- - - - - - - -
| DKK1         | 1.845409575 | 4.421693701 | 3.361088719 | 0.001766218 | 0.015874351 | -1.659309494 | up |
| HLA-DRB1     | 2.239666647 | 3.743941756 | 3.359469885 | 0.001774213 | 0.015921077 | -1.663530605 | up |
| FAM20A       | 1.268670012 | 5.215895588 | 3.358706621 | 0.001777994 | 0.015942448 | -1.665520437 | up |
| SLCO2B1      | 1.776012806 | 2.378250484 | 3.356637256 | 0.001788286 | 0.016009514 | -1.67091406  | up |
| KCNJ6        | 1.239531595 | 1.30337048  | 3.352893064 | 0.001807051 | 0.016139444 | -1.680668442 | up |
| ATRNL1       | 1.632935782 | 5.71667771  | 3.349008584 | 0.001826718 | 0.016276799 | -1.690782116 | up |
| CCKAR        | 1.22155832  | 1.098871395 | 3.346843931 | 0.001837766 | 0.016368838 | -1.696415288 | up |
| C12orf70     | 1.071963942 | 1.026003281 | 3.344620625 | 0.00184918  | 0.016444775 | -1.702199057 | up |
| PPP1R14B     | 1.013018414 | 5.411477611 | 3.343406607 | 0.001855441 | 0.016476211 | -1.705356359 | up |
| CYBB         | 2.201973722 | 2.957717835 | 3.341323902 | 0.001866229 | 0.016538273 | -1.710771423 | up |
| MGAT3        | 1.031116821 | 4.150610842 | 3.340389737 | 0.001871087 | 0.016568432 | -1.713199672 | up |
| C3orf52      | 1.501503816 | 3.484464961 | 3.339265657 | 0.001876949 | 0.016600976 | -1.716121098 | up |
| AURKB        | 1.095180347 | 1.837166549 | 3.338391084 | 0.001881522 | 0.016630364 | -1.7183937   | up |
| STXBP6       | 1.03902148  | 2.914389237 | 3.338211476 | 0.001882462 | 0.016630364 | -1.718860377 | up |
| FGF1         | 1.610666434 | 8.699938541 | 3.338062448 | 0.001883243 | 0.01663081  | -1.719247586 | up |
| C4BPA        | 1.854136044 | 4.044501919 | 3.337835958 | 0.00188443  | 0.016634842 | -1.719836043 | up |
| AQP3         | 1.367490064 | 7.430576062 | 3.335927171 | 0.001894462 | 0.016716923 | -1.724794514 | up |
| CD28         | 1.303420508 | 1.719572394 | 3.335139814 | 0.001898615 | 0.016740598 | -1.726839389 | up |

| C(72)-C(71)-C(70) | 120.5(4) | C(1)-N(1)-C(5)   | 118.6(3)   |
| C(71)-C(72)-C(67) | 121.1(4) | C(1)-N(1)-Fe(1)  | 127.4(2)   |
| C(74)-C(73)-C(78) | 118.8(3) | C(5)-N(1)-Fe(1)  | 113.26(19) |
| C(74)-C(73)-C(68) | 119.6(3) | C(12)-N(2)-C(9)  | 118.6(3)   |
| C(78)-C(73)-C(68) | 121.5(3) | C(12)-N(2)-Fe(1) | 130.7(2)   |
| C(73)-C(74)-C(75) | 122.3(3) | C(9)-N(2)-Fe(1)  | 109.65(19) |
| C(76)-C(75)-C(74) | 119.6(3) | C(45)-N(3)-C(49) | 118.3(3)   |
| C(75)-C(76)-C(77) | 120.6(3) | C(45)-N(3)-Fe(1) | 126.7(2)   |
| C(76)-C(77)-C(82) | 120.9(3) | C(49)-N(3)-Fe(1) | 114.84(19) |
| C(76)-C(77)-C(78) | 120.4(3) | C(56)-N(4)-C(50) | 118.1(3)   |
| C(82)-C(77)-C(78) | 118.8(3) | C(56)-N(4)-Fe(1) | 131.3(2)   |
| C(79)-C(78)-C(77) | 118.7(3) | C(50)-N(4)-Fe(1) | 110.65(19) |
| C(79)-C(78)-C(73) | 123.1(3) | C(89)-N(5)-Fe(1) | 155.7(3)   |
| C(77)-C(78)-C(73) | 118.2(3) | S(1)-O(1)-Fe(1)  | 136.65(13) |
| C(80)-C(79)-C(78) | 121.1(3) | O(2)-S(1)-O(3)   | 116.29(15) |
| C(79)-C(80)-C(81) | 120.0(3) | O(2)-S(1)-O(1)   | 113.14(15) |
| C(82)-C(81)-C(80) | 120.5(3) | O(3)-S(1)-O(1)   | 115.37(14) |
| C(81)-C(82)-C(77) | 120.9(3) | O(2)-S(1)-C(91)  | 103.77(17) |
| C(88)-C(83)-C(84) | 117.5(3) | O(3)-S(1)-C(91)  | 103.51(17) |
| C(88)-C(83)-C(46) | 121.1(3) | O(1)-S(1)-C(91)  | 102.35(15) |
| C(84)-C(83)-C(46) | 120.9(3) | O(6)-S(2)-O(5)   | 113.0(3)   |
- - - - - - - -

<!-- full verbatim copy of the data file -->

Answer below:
| DKK1         | 1.845409575 | 4.421693701 | 3.361088719 | 0.001766218 | 0.015874351 | -1.659309494 | up |
| HLA-DRB1     | 2.239666647 | 3.743941756 | 3.359469885 | 0.001774213 | 0.015921077 | -1.663530605 | up |
| FAM20A       | 1.268670012 | 5.215895588 | 3.358706621 | 0.001777994 | 0.015942448 | -1.665520437 | up |
| SLCO2B1      | 1.776012806 | 2.378250484 | 3.356637256 | 0.001788286 | 0.016009514 | -1.67091406  | up |
| KCNJ6        | 1.239531595 | 1.30337048  | 3.352893064 | 0.001807051 | 0.016139444 | -1.680668442 | up |
| ATRNL1       | 1.632935782 | 5.71667771  | 3.349008584 | 0.001826718 | 0.016276799 | -1.690782116 | up |
| CCKAR        | 1.22155832  | 1.098871395 | 3.346843931 | 0.001837766 | 0.016368838 | -1.696415288 | up |
| C12orf70     | 1.071963942 | 1.026003281 | 3.344620625 | 0.00184918  | 0.016444775 | -1.702199057 | up |
| PPP1R14B     | 1.013018414 | 5.411477611 | 3.343406607 | 0.001855441 | 0.016476211 | -1.705356359 | up |
| CYBB         | 2.201973722 | 2.957717835 | 3.341323902 | 0.001866229 | 0.016538273 | -1.710771423 | up |
| MGAT3        | 1.031116821 | 4.150610842 | 3.340389737 | 0.001871087 | 0.016568432 | -1.713199672 | up |
| C3orf52      | 1.501503816 | 3.484464961 | 3.339265657 | 0.001876949 | 0.016600976 | -1.716121098 | up |
| AURKB        | 1.095180347 | 1.837166549 | 3.338391084 | 0.001881522 | 0.016630364 | -1.7183937   | up |
| STXBP6       | 1.03902148  | 2.914389237 | 3.338211476 | 0.001882462 | 0.016630364 | -1.718860377 | up |
| FGF1         | 1.610666434 | 8.699938541 | 3.338062448 | 0.001883243 | 0.01663081  | -1.719247586 | up |
| C4BPA        | 1.854136044 | 4.044501919 | 3.337835958 | 0.00188443  | 0.016634842 | -1.719836043 | up |
| AQP3         | 1.367490064 | 7.430576062 | 3.335927171 | 0.001894462 | 0.016716923 | -1.724794514 | up |
| CD28         | 1.303420508 | 1.719572394 | 3.335139814 | 0.001898615 | 0.016740598 | -1.726839389 | up |

| C(72)-C(71)-C(70) | 120.5(4) | C(1)-N(1)-C(5)   | 118.6(3)   |
| C(71)-C(72)-C(67) | 121.1(4) | C(1)-N(1)-Fe(1)  | 127.4(2)   |
| C(74)-C(73)-C(78) | 118.8(3) | C(5)-N(1)-Fe(1)  | 113.26(19) |
| C(74)-C(73)-C(68) | 119.6(3) | C(12)-N(2)-C(9)  | 118.6(3)   |
| C(78)-C(73)-C(68) | 121.5(3) | C(12)-N(2)-Fe(1) | 130.7(2)   |
| C(73)-C(74)-C(75) | 122.3(3) | C(9)-N(2)-Fe(1)  | 109.65(19) |
| C(76)-C(75)-C(74) | 119.6(3) | C(45)-N(3)-C(49) | 118.3(3)   |
| C(75)-C(76)-C(77) | 120.6(3) | C(45)-N(3)-Fe(1) | 126.7(2)   |
| C(76)-C(77)-C(82) | 120.9(3) | C(49)-N(3)-Fe(1) | 114.84(19) |
| C(76)-C(77)-C(78) | 120.4(3) | C(56)-N(4)-C(50) | 118.1(3)   |
| C(82)-C(77)-C(78) | 118.8(3) | C(56)-N(4)-Fe(1) | 131.3(2)   |
| C(79)-C(78)-C(77) | 118.7(3) | C(50)-N(4)-Fe(1) | 110.65(19) |
| C(79)-C(78)-C(73) | 123.1(3) | C(89)-N(5)-Fe(1) | 155.7(3)   |
| C(77)-C(78)-C(73) | 118.2(3) | S(1)-O(1)-Fe(1)  | 136.65(13) |
| C(80)-C(79)-C(78) | 121.1(3) | O(2)-S(1)-O(3)   | 116.29(15) |
| C(79)-C(80)-C(81) | 120.0(3) | O(2)-S(1)-O(1)   | 113.14(15) |
| C(82)-C(81)-C(80) | 120.5(3) | O(3)-S(1)-O(1)   | 115.37(14) |
| C(81)-C(82)-C(77) | 120.9(3) | O(2)-S(1)-C(91)  | 103.77(17) |
| C(88)-C(83)-C(84) | 117.5(3) | O(3)-S(1)-C(91)  | 103.51(17) |
| C(88)-C(83)-C(46) | 121.1(3) | O(1)-S(1)-C(91)  | 102.35(15) |
| C(84)-C(83)-C(46) | 120.9(3) | O(6)-S(2)-O(5)   | 113.0(3)   |